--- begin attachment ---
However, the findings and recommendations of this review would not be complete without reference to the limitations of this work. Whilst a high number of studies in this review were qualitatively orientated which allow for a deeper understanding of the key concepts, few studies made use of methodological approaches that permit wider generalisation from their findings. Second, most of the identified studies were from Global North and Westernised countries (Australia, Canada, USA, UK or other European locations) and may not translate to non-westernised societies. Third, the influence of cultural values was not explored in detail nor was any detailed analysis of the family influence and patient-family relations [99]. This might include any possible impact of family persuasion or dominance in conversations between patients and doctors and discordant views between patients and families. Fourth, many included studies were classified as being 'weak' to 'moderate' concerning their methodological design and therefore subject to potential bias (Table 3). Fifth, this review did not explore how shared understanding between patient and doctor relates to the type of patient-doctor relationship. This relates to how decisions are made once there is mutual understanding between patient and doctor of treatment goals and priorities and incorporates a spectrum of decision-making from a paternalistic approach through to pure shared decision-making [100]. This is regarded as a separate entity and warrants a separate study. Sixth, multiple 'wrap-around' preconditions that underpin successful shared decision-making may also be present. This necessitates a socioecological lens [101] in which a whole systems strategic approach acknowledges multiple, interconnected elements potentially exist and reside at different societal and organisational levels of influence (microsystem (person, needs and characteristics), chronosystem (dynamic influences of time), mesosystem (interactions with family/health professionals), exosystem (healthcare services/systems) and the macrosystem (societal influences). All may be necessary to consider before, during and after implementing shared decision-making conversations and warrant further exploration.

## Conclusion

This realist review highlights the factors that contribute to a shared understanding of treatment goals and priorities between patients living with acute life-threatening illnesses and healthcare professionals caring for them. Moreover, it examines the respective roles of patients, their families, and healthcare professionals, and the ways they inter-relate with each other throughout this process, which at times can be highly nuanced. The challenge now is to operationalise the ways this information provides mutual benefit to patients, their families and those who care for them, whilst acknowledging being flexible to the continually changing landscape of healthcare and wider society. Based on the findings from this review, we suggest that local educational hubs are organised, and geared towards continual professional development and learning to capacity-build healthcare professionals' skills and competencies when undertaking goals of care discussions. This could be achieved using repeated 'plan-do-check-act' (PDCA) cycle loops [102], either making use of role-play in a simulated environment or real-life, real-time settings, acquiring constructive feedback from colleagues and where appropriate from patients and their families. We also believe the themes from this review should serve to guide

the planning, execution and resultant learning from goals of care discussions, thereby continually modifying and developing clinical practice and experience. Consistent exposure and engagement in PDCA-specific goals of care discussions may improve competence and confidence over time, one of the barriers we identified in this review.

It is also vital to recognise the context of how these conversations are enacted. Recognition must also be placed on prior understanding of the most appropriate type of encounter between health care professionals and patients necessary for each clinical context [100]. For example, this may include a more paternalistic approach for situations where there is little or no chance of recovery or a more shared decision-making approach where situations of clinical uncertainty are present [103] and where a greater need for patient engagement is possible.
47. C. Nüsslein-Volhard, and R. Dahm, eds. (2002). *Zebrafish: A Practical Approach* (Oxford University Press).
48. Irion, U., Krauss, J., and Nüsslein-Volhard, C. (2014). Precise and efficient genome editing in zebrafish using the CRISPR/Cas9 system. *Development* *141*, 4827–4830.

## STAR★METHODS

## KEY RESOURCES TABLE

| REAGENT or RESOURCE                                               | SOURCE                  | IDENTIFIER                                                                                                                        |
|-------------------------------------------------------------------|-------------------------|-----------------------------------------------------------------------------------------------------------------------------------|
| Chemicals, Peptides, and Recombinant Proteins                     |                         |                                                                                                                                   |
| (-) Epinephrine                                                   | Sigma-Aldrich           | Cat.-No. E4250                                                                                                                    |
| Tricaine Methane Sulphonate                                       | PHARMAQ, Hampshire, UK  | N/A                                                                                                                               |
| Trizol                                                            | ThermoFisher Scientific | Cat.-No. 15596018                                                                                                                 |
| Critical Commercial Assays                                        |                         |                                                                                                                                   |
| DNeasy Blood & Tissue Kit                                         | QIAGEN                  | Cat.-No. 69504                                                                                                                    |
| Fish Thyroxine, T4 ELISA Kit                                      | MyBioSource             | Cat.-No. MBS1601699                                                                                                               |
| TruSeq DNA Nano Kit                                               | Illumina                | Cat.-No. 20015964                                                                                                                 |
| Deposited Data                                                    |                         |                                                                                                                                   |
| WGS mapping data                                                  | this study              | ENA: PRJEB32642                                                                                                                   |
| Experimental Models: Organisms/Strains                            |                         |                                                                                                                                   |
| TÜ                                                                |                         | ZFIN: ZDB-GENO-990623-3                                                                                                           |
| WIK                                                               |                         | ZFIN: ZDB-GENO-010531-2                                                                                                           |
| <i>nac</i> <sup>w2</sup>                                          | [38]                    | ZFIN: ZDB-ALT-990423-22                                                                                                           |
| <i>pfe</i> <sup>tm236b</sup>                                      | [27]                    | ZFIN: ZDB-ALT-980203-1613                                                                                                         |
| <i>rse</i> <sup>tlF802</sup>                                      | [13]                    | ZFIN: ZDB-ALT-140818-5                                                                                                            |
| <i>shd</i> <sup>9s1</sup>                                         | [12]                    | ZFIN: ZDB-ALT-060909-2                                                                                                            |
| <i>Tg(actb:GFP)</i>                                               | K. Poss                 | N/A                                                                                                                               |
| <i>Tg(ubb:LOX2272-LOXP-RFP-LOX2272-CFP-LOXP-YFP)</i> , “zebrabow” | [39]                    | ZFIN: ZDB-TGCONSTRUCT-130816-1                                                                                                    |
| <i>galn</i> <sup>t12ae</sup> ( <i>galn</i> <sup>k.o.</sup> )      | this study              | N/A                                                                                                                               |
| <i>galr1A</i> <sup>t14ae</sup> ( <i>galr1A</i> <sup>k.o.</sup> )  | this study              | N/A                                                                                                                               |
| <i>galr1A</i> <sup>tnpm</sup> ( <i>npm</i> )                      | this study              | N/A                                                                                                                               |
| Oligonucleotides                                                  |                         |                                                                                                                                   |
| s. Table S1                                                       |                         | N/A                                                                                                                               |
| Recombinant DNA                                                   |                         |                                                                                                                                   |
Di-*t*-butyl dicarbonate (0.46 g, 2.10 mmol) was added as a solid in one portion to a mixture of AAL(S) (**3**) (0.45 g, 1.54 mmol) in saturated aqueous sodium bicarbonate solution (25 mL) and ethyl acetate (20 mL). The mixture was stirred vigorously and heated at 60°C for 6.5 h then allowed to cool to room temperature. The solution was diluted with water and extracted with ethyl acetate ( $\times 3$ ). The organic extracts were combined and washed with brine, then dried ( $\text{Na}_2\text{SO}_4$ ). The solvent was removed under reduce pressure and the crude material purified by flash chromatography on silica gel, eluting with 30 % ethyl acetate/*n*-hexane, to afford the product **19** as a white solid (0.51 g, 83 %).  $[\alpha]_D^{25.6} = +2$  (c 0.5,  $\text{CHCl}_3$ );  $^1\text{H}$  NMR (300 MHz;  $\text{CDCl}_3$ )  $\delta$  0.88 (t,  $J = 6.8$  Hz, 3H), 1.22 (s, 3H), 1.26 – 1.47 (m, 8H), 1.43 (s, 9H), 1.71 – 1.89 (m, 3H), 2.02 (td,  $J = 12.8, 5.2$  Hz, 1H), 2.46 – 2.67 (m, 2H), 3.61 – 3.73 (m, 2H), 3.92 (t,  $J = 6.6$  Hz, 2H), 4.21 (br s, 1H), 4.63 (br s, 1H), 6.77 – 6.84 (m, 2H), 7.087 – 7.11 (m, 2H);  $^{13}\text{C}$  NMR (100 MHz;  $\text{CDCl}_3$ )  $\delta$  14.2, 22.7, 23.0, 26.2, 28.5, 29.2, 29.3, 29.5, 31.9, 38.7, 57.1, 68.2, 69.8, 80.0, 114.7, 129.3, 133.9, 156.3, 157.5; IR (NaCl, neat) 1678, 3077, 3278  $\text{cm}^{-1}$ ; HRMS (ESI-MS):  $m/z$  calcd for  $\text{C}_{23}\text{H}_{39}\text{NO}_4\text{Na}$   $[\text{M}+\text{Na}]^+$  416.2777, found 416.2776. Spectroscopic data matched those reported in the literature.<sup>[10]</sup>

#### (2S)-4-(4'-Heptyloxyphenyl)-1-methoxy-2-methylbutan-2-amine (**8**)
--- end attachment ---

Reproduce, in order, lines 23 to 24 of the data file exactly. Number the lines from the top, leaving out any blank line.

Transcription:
| TÜ                                                                |                         | ZFIN: ZDB-GENO-990623-3                                                                                                           |
| WIK                                                               |                         | ZFIN: ZDB-GENO-010531-2                                                                                                           |